IVR (Interactive Voice Response)
- IVR (Interactive Voice Response) is a technology that allows users (usually callers) to obtain information from a phone system without the assistance of an operator.
- An IVR program controls the flow of the IVR script by prompting the caller and requesting key input or directing the caller to another ACD call routing path, extension, or voice mail.
- In the process, this IVR program can perform any application function including customer information lookup, transaction processing, etc.
- The IVR can also initiate outbound calls and prompt the called individual with the same messages (and text) and accept phone key input from this individual as well.
- The caller and called an individual can likewise be “connected”.
- IVR (Interactive Voice Response) is an innovation that permits clients (typically guests) to get data from a telephone framework without the help of an operator.
- An IVR program controls the stream of the IVR content by inciting the guest and asking for key info or guiding the guest to another ACD call directing the way, augmentation, or phone message.
- All the while, this IVR program can play out any application work including client data query, exchange handling, and so forth.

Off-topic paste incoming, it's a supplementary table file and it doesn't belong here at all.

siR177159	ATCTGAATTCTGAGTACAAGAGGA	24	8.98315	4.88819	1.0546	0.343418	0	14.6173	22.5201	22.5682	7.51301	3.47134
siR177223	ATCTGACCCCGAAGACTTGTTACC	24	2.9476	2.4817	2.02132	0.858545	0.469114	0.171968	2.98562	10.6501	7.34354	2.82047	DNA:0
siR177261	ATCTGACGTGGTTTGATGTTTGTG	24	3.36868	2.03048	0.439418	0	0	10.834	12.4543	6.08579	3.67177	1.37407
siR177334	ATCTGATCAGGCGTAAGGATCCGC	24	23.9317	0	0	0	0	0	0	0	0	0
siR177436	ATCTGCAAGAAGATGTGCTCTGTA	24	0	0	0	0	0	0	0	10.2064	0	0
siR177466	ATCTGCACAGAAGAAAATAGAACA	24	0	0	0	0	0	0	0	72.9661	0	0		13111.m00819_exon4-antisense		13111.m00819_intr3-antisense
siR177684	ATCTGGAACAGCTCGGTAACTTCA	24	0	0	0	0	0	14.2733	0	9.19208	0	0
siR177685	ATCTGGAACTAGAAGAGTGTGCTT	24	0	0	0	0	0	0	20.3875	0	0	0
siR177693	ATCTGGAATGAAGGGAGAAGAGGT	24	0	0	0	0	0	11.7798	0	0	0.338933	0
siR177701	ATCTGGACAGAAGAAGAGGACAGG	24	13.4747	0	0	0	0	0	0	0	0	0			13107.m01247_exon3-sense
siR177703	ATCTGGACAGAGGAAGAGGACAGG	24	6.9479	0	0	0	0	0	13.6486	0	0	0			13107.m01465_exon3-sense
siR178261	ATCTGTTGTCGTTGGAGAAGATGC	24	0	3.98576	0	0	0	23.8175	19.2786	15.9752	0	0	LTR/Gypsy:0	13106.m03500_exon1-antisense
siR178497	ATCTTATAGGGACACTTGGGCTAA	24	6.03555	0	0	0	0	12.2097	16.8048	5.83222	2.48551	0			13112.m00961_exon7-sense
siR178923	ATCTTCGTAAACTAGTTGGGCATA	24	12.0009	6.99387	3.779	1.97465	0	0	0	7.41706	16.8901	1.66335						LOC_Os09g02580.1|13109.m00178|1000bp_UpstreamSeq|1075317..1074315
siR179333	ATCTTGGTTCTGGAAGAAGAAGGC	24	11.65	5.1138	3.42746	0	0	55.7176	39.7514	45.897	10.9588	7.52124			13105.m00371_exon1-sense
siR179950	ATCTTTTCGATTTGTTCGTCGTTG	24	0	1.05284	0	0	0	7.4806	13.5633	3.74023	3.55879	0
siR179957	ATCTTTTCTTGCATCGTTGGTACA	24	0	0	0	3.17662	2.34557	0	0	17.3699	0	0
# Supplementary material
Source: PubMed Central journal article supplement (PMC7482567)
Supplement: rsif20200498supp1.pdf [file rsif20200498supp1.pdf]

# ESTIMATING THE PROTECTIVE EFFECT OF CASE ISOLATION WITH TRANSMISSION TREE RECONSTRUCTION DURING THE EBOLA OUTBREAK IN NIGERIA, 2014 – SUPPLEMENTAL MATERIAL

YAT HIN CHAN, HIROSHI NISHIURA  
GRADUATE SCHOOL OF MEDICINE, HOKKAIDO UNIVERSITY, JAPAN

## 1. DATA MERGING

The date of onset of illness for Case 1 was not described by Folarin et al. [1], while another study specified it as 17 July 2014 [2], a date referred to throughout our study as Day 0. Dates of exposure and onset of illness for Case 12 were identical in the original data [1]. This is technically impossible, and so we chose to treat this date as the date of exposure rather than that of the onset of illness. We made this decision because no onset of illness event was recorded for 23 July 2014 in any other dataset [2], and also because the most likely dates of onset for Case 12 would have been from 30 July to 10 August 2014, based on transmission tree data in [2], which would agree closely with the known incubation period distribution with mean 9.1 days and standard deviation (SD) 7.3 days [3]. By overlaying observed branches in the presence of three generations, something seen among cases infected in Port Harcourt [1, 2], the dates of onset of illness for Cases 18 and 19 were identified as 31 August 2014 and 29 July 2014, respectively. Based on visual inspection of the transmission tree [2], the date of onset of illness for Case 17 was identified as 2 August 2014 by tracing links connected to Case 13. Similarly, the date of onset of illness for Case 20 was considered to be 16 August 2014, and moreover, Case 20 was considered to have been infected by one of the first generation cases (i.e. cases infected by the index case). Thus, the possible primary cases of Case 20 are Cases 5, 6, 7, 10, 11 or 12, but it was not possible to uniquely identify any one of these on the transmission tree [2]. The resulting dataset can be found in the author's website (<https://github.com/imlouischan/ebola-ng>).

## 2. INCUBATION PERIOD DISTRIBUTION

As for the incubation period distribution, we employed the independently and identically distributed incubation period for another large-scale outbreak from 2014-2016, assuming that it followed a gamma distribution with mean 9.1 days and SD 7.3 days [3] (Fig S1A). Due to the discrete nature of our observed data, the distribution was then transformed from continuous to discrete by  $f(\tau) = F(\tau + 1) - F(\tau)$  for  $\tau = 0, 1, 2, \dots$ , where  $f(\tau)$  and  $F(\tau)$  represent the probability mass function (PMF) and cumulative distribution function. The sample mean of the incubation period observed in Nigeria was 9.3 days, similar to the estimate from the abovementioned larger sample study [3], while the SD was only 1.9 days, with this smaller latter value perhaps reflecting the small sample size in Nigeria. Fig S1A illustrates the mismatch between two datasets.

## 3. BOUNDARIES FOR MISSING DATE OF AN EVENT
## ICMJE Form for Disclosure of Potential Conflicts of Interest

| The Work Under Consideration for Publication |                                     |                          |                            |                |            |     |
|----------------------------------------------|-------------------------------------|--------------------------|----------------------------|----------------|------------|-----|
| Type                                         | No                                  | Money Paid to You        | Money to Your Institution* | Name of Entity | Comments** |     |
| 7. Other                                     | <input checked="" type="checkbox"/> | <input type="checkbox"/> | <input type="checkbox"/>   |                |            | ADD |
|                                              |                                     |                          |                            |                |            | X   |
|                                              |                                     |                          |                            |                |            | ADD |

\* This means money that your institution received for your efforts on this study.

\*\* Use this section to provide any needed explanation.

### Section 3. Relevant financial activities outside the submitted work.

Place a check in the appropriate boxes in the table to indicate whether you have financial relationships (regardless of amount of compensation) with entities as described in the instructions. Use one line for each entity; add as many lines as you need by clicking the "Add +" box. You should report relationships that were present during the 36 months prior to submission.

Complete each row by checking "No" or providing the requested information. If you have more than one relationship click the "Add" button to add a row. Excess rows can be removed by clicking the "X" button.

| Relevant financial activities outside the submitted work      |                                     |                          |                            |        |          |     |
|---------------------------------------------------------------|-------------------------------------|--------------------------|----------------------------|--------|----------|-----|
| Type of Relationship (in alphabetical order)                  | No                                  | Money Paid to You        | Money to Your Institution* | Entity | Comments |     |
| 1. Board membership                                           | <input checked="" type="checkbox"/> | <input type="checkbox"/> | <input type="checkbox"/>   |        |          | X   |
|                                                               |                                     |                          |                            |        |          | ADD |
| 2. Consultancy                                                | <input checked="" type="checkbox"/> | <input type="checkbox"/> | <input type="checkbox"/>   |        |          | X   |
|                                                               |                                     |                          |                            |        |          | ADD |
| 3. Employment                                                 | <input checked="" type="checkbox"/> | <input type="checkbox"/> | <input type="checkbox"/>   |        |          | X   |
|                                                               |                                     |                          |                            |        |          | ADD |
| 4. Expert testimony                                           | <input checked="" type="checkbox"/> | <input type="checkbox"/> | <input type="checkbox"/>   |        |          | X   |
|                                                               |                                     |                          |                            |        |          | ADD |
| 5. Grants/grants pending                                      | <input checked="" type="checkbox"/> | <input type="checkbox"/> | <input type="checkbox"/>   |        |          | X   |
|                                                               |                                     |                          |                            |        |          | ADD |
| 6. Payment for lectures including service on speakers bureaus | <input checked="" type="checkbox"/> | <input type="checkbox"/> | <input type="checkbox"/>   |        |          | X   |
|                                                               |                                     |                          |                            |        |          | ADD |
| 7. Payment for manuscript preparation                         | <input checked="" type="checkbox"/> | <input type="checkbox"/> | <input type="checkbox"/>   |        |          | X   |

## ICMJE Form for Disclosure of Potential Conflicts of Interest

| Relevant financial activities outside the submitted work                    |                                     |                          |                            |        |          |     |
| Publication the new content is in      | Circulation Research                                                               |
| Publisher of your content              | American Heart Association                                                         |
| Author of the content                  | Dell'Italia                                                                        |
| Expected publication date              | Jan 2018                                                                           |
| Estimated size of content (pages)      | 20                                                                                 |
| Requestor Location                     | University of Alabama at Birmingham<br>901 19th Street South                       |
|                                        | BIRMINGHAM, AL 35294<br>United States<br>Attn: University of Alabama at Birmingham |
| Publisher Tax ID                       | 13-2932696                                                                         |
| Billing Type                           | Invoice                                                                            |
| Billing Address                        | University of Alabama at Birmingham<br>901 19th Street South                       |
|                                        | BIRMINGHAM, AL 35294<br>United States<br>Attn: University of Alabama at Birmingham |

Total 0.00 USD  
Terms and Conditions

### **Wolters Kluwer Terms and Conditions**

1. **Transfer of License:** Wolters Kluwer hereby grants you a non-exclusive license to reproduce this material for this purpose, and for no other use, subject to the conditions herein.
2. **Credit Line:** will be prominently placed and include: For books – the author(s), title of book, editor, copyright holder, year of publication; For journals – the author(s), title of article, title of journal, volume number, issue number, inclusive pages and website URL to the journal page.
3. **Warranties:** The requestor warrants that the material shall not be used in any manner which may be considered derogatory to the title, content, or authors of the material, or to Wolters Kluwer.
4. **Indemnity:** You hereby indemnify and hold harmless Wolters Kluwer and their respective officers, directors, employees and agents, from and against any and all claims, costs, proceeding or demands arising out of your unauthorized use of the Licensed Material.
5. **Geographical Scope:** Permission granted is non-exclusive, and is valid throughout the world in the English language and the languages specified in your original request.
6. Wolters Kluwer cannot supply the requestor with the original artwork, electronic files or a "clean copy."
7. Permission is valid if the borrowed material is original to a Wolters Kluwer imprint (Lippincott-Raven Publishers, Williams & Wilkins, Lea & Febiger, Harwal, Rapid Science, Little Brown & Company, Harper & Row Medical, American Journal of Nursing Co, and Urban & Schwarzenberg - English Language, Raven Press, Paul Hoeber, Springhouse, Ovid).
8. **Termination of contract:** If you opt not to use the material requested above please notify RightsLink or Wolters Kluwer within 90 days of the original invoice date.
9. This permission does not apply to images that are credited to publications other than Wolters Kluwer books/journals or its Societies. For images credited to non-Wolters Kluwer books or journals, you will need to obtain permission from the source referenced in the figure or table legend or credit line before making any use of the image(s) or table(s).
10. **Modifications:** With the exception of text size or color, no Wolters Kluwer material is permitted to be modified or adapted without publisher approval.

- The IVR can likewise start outbound calls and provoke the called individual with similar messages (and message) and acknowledge telephone key contribution from this person also.
- The guest and called an individual can in like manner be "associated".
ACD(Automatic Call Distribution)
- ACD(Automatic Call Distribution) technology automatically routes calls to phone agents based upon organizational rules.
- Upon receiving a call, the ACD system uses the DNIS (Dialed Number) to check the necessary rules for processing a call on this number.
- If it defined, an associated IVR program is invoked by the ACD.
- The IVR Client process invokes a server process on the application server and starts a two-way communication with the IVR Server.